Hot tips for the cookie season Burning issues: Is it you or your oven? Master baker tells how to bake the best of the situation.

November 08, 1995|By Isabel Forgang | Isabel Forgang,NEW YORK DAILY NEWS

Nick Malgieri, director of the baking program at Peter Kump's Cooking School and author of the just-published "How to Bake" (HarperCollins. $35), especially loves cookie making at holiday time and for the same reasons that nonprofessionals do.

Partly, he says, it's because of the "holiday" scent that perfumes the air while cookies are baking, and partly because they are so quick and easy to make.

While the holidays find Mr. Malgieri baking up a storm of European-inspired, elegant, butter and nut delights, his real favorites at this time of the year, he says, are the simpler shortbreads and macaroons. "I can make them in advance and always have something ready at a moment's notice," he explains. Look in Mr. Malgieri's freezer a few weeks before Christmas and you're apt to find a container filled with macaroons, while in his office, a tin of shortbreads stands at the ready on the windowsill.

If your cookies have turned out unevenly in the past, with some burned and others undercooked, it may be because your oven heats unevenly, suggests this master baker. "The most important rule for making cookies is to know your oven," insists Mr. Malgieri.

To find out if you have any hot spots, butter and flour a cookie sheet and put it in a 350-degree oven, he says. Check it in 5 to 10 minutes to see if any area of the pan gets dark first. You can compensate for hot spots by rotating the pans midway through the baking. Move them from front to back and from one shelf to the other.

Mr. Malgieri prefers heavy aluminum pans or insulated cookie sheets. If you have thin cookie pans, double them up, he suggests. "This way the bottom layer absorbs the greater amount of heat and the layer above, with the cookies, won't get overly hot and burn the baked goods," he explains.

There's no need to grease and flour cookie pans, either, he says. Mr. Malgieri saves time by lining pans with parchment paper or foil. And you can reuse the parchment for the second batch, he says. If you are baking cookies that need to spread out a lot, butter the parchment, then drop the dough onto the paper, he says. It's easier to remove the paper from the pan to let cookies cool, rather than handle fragile, individual cookies this way, he points out.

Using a pastry bag to pipe out dough is one thing that novice bakers are wary of. The trick, says Mr. Malgieri, is to use just one hand, not two, for even pressure and to guide the pastry bag with the index finger of your other hand. "If you can write, you can pipe really well," he says. If you don't have a canvas pastry bag, improvise with a sturdy plastic bag, cutting a corner of the bag for the pastry tube. The following cookies can also be made with a cookie press, notes Mr. Malgieri.

Almond butter spritz cookies

Makes about 72 2-inch cookies

1/4 pound almond paste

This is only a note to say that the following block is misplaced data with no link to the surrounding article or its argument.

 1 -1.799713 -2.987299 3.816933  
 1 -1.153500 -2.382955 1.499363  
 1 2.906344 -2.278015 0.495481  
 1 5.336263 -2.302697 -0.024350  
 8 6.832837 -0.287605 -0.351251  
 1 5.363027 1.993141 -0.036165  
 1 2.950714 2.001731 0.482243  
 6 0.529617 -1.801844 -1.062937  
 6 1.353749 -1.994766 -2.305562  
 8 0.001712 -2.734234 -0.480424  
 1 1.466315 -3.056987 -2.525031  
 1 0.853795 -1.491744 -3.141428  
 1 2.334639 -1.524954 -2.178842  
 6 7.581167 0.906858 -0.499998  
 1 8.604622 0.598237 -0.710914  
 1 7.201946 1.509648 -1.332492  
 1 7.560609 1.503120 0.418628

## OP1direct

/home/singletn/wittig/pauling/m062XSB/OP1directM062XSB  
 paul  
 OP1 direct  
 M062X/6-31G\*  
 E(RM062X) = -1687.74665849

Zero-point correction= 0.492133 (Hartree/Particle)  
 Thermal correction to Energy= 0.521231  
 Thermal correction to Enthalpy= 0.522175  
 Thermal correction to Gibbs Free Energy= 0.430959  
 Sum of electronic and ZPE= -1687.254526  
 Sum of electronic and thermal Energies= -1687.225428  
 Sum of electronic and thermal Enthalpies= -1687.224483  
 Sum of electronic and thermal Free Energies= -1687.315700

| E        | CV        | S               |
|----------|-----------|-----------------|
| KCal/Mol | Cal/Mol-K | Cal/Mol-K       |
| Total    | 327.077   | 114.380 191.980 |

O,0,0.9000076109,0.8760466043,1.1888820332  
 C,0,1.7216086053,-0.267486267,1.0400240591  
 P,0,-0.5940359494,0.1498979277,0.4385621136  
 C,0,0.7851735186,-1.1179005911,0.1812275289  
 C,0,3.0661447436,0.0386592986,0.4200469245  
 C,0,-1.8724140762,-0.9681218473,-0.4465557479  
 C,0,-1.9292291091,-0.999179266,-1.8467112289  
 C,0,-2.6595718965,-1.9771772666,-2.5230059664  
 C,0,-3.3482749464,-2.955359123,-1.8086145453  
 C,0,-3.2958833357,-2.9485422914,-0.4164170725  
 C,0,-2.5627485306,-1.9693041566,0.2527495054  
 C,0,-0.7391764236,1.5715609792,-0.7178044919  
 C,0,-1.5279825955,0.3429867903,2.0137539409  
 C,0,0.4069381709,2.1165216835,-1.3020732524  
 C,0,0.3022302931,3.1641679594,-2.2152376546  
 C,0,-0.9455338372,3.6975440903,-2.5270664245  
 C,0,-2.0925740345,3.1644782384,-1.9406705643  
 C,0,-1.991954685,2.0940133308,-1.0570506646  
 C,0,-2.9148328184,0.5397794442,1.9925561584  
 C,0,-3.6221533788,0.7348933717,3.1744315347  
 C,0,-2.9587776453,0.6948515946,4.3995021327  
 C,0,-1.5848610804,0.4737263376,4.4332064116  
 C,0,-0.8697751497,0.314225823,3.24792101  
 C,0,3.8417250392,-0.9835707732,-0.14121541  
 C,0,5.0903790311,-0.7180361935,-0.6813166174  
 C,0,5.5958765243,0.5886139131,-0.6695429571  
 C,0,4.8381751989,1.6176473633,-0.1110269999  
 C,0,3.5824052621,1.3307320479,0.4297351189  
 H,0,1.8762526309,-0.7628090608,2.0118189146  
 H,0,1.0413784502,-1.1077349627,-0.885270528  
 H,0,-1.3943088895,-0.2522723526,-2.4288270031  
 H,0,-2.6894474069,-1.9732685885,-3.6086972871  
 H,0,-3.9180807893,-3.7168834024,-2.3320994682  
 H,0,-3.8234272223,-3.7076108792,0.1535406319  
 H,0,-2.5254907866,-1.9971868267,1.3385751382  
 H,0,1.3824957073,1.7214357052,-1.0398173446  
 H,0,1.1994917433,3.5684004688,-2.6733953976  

1 1/4 cups confectioners' sugar

1/2 cup eggs (2 large eggs and 1 yolk, usually)

1/2 pound (2 sticks) unsalted butter, softened

3 cups sifted cake flour

Set racks on the top and lower thirds of the oven and heat to 325 degrees. Line cookie sheets or jellyroll pans with parchment paper or foil.

In a bowl, soften almond paste with confectioners' sugar and half the eggs. Beat in butter gradually, then gradually add remaining eggs. Cream all ingredients until light, about 2 or 3 minutes. Add the flour all at once; mix until well blended. Do not overmix.

Fill pastry bag. Pipe half-inch shapes onto prepared pans with a half-inch star tube. Bake about 15 minutes, until golden and firm. Cool cookies on the pans.

Variations: Use different tube shapes and decorate dough with pieces of candied fruit, inverted chocolate chips or nuts and then bake. Indent the center of a star shape and fill it with thick jam before baking, or indent, bake empty and fill with melted chocolate or reduced jam (to reduce jam, simmer it for a few moments to reduce the liquid content somewhat) after baking. Also, try dipping cookie edges in melted chocolate after baking, then in white chocolate shavings, chopped blanched pistachios, or crushed toasted sliced almonds.

A great make-ahead cookie, this Swiss confection will last, and even improve, if kept a month or more in a sealed container.

Bernese licks

Makes 42 to 48 cookies

1/2 cup honey

1/2 cup dark brown sugar, firmly packed

1/2 cup granulated sugar

2 large eggs

1 teaspoon finely grated orange zest

2 cups (10 to 11 ounces) whole unblanched hazelnuts

2 1/2 cups all-purpose flour

1/2 teaspoon baking soda

1 1/4 teaspoons ground coriander

1 teaspoon ground cinnamon

3/4 teaspoon grated nutmeg

3/4 teaspoon ground ginger

confectioners' sugar for finishing

Combine honey, sugars, eggs and zest in a heat-proof mixing bowl and whisk over a pan of simmering water until lukewarm. Grind hazelnuts in a food processor and stir into egg mixture. Combine remaining ingredients and stir in to form a soft dough.

Turn dough out onto a floured surface and cover with a towel. Allow to rest for 5 minutes.

Roll dough 1/4 -inch thick and cut with rectangular, heart or holiday-shaped cutters. Place cookies on pans lined with parchment or foil and allow to dry at room temperature, about 1 hour.

Set racks at the middle and upper third of the oven and heat oven to 325 degrees. Bake cookies for about 20 minutes, until they are no longer shiny-looking and beginning to become firm. Cool cookies on pans, then dust lightly with confectioners' sugar.

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